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### 2.OA Operations and Algebraic Thinking

- 2.OA.A Represent and solve problems involving addition and subtraction.
- 2.OA.A.1 Use addition and subtraction within 100 to solve one- and two-step word problems involving situations of adding to, taking from, putting together, taking apart, and comparing, with unknowns in all positions, by using drawings and equations with a symbol for the unknown number to represent the problem.

- 2.OA.B Add and subtract within 20.
- 2.OA.B.2 Fluently add and subtract within 20 using mental strategies. By end of Grade 2, know automatically all sums of two one-digit numbers based on strategies.

- 2.OA.C Work with equal groups of objects to gain foundations for multiplication.
- 2.OA.C.3 Determine whether a group (up to 20) has an odd or even number of objects (i.e., by pairing objects or counting them by 2s).
- 2.OA.C.3A If the number of objects is even, then write an equation to express this as the sum of two equal addends.
- 2.OA.C.3B If the number of objects group is odd, then write an equation to express this as a sum of a near double (double plus 1).

- 2.OA.C.4 Use addition to find the total number of objects arranged in rectangular arrays with up to 5 rows and up to 5 columns; write an equation to express the total as a sum of equal addends.

- 2.OA.C.3 Determine whether a group (up to 20) has an odd or even number of objects (i.e., by pairing objects or counting them by 2s).

### 2.NBT Number and Operations in Base Ten

- 2.NBT.D Understand place value.
- 2.NBT.D.1 Understand that the three digits of a three-digit number represent amounts of hundreds, tens, and ones; and demonstrate that:
- 2.NBT.D.1A 100 can be thought of as a bundle of ten tens-called a “hundred.”
- 2.NBT.D.1B The numbers 100, 200, 300, 400, 500, 600, 700, 800, 900 refer to one, two, three, four, five, six, seven, eight, or nine hundreds (and 0 tens and 0 ones).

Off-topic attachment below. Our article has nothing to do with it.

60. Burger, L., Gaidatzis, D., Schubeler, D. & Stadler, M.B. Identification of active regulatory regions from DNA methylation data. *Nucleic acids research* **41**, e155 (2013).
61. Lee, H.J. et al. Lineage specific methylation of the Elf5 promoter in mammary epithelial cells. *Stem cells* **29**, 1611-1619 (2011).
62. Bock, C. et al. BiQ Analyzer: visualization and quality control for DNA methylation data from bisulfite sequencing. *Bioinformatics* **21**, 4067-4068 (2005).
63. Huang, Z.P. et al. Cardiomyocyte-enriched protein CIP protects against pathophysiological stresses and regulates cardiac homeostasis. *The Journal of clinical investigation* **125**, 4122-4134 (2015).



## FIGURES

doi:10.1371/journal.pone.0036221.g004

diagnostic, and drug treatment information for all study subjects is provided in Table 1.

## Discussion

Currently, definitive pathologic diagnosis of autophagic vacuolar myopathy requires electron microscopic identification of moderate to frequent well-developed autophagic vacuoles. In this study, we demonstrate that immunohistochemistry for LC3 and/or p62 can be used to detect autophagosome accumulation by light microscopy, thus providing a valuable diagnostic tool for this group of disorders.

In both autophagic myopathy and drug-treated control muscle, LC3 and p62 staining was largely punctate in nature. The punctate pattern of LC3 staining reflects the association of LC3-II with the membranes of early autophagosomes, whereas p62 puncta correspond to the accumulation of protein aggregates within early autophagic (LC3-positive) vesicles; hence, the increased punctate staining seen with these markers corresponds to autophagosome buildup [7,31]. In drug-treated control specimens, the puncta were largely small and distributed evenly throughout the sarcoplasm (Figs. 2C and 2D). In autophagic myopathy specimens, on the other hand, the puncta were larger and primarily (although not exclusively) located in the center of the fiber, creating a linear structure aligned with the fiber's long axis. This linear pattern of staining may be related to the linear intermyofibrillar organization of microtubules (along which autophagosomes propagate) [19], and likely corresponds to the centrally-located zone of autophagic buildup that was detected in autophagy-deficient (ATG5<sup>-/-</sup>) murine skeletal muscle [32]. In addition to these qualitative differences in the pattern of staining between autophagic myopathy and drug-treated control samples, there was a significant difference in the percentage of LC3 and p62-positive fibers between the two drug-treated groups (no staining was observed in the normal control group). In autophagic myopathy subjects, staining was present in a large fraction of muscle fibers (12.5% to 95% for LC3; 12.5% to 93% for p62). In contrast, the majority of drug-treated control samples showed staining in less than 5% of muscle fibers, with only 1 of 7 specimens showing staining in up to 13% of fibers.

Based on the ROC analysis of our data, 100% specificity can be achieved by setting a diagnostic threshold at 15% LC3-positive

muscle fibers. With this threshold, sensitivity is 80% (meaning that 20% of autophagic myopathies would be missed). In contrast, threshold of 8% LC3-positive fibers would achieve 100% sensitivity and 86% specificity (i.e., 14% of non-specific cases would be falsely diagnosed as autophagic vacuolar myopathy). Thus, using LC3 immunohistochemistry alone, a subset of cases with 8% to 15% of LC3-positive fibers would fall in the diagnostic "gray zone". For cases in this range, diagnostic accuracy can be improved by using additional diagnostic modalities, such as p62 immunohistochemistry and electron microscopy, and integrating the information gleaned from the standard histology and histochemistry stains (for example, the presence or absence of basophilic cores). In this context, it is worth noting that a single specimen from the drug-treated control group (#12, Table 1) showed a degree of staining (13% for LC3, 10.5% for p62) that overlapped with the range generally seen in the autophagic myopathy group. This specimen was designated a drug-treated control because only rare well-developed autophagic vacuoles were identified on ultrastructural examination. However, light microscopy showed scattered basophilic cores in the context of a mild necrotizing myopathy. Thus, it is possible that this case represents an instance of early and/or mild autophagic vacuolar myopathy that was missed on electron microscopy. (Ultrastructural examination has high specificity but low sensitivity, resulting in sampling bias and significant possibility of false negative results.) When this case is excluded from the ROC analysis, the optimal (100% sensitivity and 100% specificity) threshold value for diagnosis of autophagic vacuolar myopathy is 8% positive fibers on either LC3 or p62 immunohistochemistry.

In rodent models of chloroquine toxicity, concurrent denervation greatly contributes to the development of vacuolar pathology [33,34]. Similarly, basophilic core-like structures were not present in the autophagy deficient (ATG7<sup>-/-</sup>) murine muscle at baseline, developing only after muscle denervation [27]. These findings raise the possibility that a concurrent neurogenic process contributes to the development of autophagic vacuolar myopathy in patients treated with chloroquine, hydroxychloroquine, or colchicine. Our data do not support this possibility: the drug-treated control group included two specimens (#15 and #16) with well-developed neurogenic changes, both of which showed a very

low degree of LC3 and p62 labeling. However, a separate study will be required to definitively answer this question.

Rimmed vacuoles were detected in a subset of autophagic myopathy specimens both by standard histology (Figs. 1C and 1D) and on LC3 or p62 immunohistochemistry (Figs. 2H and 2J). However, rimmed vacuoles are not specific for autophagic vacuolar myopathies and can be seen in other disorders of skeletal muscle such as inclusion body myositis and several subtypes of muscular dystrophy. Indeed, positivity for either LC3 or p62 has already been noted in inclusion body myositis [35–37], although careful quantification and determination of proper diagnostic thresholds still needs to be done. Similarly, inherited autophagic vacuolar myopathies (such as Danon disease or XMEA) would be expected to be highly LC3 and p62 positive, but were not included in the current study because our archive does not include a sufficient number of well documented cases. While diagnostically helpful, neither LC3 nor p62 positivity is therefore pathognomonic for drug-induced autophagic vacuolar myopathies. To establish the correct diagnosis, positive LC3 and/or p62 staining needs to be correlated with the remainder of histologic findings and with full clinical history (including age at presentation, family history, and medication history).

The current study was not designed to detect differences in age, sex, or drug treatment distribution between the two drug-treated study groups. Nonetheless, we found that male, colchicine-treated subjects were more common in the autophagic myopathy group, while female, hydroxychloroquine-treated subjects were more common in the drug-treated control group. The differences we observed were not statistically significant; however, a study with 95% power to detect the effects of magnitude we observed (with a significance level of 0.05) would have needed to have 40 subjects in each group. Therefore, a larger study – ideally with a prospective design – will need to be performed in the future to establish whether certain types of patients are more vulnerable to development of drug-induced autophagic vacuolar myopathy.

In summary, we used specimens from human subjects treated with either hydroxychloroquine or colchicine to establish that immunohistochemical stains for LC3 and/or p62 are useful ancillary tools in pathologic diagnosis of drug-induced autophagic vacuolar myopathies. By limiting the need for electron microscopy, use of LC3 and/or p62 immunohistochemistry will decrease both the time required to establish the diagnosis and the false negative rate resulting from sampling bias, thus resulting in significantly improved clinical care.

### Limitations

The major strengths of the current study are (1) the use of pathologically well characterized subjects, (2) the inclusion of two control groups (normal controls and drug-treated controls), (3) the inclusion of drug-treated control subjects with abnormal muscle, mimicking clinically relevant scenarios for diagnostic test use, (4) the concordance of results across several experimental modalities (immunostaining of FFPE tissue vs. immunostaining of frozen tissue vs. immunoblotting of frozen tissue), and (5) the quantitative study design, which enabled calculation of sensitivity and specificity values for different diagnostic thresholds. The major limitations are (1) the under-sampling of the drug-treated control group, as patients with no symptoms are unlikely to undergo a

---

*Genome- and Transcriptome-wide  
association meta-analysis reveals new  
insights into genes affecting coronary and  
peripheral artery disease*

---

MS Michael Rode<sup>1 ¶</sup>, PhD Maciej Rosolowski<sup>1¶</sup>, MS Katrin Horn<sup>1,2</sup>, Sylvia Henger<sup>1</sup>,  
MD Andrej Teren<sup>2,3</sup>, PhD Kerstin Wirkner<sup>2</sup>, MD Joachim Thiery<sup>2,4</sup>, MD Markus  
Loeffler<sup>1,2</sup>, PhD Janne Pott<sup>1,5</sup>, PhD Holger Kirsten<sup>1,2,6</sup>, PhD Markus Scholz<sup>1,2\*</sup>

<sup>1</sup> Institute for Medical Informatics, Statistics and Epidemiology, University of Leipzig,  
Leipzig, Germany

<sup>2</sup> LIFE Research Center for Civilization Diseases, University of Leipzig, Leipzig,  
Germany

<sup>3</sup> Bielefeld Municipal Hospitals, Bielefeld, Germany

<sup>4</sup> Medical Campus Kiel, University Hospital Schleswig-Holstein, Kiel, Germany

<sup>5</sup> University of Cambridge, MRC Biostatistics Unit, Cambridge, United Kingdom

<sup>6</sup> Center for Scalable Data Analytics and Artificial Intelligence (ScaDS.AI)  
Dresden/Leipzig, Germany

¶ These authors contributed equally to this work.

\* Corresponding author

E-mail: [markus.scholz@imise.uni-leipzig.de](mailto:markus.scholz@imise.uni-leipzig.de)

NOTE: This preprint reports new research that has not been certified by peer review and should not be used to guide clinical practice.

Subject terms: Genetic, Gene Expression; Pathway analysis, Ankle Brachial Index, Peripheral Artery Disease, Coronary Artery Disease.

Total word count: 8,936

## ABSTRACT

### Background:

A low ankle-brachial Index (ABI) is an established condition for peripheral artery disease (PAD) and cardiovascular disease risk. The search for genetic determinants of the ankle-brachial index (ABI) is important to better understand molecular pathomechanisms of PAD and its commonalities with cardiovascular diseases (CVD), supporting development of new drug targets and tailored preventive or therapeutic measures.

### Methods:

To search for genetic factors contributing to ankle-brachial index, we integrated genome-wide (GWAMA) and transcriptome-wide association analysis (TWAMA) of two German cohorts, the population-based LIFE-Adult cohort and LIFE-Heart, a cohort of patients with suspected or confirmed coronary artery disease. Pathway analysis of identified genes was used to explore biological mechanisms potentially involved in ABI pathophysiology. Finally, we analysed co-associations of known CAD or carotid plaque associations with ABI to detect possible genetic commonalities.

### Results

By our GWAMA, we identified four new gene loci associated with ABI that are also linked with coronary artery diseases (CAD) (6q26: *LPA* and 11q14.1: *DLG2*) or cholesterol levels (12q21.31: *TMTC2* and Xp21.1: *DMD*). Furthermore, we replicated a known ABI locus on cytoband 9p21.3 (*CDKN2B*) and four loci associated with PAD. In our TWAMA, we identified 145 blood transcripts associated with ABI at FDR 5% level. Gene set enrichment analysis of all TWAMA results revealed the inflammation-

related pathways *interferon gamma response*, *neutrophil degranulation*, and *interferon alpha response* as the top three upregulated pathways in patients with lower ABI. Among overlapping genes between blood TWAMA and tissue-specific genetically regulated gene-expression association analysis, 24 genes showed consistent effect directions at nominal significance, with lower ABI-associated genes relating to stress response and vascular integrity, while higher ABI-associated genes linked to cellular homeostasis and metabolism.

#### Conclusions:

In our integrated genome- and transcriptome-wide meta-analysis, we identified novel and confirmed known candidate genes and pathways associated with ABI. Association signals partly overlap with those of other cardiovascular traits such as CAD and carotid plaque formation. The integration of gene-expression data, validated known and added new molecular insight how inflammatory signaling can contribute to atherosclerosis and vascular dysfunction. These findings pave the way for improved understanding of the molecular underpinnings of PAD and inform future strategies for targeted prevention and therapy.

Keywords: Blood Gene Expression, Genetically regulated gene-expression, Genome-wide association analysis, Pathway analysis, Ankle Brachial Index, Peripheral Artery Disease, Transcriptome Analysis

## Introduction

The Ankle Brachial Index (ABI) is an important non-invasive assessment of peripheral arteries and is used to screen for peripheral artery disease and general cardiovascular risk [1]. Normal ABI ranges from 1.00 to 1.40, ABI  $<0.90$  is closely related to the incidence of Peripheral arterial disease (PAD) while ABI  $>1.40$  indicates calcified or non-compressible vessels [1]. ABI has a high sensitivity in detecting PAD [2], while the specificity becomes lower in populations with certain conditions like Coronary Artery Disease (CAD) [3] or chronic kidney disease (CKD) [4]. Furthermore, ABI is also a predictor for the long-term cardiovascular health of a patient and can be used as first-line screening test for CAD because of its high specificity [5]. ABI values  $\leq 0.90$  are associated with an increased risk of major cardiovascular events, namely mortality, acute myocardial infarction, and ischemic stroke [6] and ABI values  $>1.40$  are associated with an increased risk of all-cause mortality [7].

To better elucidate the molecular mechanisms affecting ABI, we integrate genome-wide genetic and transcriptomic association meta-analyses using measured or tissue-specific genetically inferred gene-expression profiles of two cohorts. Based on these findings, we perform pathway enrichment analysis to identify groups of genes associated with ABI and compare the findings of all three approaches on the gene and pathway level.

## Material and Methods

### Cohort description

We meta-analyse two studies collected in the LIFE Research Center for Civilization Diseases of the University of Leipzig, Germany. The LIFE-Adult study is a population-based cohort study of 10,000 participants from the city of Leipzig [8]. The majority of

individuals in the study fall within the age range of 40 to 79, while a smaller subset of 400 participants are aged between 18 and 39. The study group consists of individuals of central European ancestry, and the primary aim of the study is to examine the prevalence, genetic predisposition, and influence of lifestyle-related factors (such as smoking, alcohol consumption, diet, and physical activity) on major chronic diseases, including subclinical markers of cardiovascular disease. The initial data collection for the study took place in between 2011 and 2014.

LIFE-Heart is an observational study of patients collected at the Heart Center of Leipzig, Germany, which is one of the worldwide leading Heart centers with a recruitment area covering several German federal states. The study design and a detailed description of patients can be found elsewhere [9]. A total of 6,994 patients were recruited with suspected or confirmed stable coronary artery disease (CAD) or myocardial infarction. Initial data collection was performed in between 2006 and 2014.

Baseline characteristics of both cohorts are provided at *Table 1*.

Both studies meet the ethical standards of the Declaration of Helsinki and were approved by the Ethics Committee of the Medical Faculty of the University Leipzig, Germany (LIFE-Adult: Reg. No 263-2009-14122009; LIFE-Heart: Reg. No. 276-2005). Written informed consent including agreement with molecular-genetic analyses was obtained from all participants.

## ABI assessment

- 2.NBT.D.1C Three-digit numbers can be decomposed in multiple ways (e.g., 524 can be decomposed as 5 hundreds, 2 tens and 4 ones or 4 hundreds, 12 tens, and 4 ones, etc.)
- 2.NBT.D.2 Skip-count by 10s and 100s within 1000 starting at any given number.
- 2.NBT.D.3 Read and write numbers to 1000 using base-ten numerals, number names, and expanded form.
- 2.NBT.D.4 Compare pairs of three-digit numbers based on meanings of the hundreds, tens, and ones digits, using the words “is greater than,” “is equal to,” “is less than,” and with the symbols >, =, and < to record the results of comparisons.

- 2.NBT.D.1 Understand that the three digits of a three-digit number represent amounts of hundreds, tens, and ones; and demonstrate that:
- 2.NBT.E Use place value understanding and properties of operations to add and subtract.
- 2.NBT.E.5 Add and subtract within 100 using strategies based on place value, properties of addition, and/or the relationship between addition and subtraction.
- 2.NBT.E.6 Add up to four two-digit numbers using strategies based on place value and/or properties of addition.
- 2.NBT.E.7 Add and subtract within 1000, using concrete models or drawings and strategies based on place value, properties of addition, and/or the relationship between addition and subtraction: